Over the years Turkish Cypriots have blown hot and cold over reunification.  On two occasions attempts to achieve it were actually promoted by Turkish leaders: by Mehmet Ali Talat, elected northern president in 2005, and by Mustafa Akinci elected in 2015. Although both efforts came to nothing, in 2016 success seemed only a hand’s breadth away.

Akincı’s counterpart, Nicolis Anastasiades, president of the Cyprus Republic, was the only Greek Cypriot leader who supported the Annan Plan. He, like Akinci, was born in the southern city of Limassol.  “Mr Anastasiades and I are of the same generation,” said Akinci after his election. “If we can’t solve this now, then the next generations, who lack memories of living together with the other community, could be tempted to explore other options and permanent divorce could be on the table.”

Akıncı and Anastasiades immediately started intercommunal talks under UN patronage, building upon their close personal relationship. The talks progressed rapidly, and Cypriots saw the two leaders having coffee either side of the buffer zone that separates the two communities. They appeared on TV together to send a holiday message in Turkish and Greek.

In June 2016, Akıncı said negotiations leading to reunification were almost completed and might be finalized at the next meeting. He was too optimistic. Time had run out.  New elections were looming, and Anastasiades had to pull back from his identification with his Turkish counterpart.  This became clear during a summit on Cypriot reunification held in Switzerland that July under the patronage of the UN and the EU.  The talks collapsed, and were never resumed.  The pendulum had swung.

In October 2020 Turkish Cypriots elected as president Ersin Tatar, whose campaign message had been that the concept of a unified Cyprus in the shape of a bicommunal federation had had its day. Instead, said Tatar, two states was the solution; Cyprus should be permanently partitioned.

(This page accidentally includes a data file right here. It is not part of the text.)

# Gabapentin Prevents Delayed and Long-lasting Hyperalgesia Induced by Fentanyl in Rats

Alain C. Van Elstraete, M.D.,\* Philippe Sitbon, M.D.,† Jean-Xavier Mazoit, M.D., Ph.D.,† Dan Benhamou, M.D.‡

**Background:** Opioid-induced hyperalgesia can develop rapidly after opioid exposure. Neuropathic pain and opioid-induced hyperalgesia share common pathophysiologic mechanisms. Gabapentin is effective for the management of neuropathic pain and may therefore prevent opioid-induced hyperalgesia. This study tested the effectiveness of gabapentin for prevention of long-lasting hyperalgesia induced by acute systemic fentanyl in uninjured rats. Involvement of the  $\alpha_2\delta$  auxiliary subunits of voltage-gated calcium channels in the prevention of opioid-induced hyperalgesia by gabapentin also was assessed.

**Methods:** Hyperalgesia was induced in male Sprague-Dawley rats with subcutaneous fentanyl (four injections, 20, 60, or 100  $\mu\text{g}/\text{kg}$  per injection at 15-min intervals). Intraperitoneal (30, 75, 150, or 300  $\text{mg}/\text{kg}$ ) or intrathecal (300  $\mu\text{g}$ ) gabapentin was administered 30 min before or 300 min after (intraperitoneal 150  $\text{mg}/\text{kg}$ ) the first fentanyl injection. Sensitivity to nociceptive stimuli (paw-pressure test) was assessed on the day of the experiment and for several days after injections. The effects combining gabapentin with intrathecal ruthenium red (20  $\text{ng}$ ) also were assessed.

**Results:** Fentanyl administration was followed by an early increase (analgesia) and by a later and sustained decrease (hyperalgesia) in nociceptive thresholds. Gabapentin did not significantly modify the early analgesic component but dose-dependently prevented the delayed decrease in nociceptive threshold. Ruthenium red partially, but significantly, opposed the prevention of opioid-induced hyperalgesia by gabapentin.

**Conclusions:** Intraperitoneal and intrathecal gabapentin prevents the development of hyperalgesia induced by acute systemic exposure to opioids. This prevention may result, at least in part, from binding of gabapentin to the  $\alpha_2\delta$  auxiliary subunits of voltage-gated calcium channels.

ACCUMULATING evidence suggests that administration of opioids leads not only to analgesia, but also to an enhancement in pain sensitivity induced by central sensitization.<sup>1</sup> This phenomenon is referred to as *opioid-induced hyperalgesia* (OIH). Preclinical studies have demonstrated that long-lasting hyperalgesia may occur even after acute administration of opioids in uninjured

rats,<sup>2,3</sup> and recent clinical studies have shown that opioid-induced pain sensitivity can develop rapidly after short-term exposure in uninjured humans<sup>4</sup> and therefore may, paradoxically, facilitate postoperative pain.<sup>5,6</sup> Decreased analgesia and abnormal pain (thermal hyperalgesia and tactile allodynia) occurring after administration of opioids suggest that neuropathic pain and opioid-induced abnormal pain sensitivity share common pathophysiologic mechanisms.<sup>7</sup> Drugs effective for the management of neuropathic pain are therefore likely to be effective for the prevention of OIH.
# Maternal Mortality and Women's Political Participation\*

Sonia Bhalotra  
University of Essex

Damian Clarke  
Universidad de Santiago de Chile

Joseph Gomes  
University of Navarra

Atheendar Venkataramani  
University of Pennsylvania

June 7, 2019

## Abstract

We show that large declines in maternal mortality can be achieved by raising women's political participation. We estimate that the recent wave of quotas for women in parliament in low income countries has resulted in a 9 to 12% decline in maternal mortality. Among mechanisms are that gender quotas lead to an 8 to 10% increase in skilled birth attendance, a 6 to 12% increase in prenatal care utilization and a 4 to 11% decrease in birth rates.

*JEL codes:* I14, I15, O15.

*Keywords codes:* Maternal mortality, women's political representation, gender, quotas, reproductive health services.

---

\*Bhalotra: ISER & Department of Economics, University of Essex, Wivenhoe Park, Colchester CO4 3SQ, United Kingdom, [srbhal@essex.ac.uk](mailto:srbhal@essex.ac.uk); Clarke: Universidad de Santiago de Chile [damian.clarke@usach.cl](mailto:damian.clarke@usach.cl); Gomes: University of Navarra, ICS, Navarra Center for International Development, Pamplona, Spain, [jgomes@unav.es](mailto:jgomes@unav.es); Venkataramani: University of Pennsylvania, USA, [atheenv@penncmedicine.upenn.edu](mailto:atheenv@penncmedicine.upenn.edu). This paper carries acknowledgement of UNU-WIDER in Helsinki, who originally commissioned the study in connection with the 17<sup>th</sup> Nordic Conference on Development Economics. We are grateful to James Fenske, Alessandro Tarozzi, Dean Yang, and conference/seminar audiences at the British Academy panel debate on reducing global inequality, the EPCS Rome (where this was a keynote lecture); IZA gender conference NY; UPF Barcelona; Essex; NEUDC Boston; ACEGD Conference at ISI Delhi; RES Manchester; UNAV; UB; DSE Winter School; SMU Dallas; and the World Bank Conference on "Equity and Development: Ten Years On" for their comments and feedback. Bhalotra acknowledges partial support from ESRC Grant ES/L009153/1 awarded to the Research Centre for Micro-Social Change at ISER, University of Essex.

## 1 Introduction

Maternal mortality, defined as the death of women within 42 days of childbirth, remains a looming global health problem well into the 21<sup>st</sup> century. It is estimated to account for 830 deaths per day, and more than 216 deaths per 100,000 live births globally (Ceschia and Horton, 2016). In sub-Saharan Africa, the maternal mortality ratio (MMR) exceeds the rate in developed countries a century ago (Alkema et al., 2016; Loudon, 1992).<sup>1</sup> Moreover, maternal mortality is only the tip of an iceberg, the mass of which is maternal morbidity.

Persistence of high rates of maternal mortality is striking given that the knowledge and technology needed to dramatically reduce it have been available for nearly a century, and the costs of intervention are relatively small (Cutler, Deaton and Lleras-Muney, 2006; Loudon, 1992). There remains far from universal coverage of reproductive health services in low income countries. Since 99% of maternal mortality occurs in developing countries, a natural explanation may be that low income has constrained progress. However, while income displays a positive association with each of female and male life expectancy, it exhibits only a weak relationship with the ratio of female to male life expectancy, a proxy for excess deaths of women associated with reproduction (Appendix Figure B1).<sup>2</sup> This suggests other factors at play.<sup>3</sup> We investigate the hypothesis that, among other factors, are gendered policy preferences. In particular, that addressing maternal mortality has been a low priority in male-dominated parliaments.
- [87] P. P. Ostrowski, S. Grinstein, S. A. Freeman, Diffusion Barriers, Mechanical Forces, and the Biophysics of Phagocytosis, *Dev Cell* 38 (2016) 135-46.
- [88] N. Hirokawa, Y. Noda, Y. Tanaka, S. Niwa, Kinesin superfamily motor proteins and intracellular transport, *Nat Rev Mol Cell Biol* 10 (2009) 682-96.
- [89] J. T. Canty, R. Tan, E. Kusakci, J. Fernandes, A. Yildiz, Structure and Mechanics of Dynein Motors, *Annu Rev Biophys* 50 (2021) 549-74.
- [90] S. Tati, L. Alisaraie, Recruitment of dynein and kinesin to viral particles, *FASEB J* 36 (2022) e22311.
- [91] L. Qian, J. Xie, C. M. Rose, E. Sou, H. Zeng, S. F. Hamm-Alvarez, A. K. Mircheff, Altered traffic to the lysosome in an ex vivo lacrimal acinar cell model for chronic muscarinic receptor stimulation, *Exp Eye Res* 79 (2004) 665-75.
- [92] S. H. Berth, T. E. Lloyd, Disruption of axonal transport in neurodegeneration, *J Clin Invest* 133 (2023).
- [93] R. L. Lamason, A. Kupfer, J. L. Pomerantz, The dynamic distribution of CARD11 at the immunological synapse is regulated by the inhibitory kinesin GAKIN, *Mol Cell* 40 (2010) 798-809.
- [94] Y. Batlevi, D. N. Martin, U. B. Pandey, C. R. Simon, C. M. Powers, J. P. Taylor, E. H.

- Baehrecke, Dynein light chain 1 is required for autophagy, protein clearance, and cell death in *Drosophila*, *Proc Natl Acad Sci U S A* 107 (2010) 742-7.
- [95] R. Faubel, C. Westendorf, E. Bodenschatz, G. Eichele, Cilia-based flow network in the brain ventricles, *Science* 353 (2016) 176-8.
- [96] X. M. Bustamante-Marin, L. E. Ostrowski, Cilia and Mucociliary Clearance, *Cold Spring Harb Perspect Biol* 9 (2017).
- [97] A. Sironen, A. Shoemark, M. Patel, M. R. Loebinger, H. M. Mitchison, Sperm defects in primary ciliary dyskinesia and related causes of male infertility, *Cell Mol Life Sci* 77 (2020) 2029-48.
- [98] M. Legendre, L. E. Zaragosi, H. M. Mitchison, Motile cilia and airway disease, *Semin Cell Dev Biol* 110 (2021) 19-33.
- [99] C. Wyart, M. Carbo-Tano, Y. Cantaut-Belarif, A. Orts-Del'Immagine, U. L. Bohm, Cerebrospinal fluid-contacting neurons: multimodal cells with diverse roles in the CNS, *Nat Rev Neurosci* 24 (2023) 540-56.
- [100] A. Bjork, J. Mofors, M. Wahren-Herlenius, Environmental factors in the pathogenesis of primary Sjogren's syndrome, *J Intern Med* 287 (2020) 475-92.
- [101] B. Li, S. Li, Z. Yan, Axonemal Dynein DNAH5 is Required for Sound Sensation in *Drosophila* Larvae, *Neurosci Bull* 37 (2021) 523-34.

His position accords with the geopolitical aspirations of Turkey’s president, Recep Tayyip Erdogan. The discovery in 2010 of the Leviathan gas field off Israel, and of Cyprus’s gas field in 2015, has fostered an agreement between Israel, Greece and Cyprus to build a 1,900-km pipeline distributing natural gas to Europe, bypassing Turkey.  Erdogan wants to develop a Trans-Anatolian pipeline to deliver natural gas from Azerbaijan to Europe. However, Azerbaijani gas reserves are not sufficient – which explains Erdogan’s claims on those of Cyprus, a position only sustainable if Turkey retains control of its self-declared republic.

In the face of Erdogan’s ambitions, Guterres’s continued efforts to achieve the reunification of Cyprus seem unlikely to succeed.

The writer is Middle East correspondent for Eurasia Review.  His latest book is: “Trump and the Holy Land:  2016-2020”.  He blogs at:

By Neville Teller

Neville Teller’s latest book is “"Trump and the Holy Land: 2016-2020". He has written about the Middle East for more than 30 years, has published five books on the subject, and blogs at Born in London and a graduate of Oxford University, he is also a long-time dramatist, writer and abridger for BBC radio and for the UK audiobook industry. He was made an MBE in the Queen's Birthday Honours, 2006 "for services to broadcasting and to drama."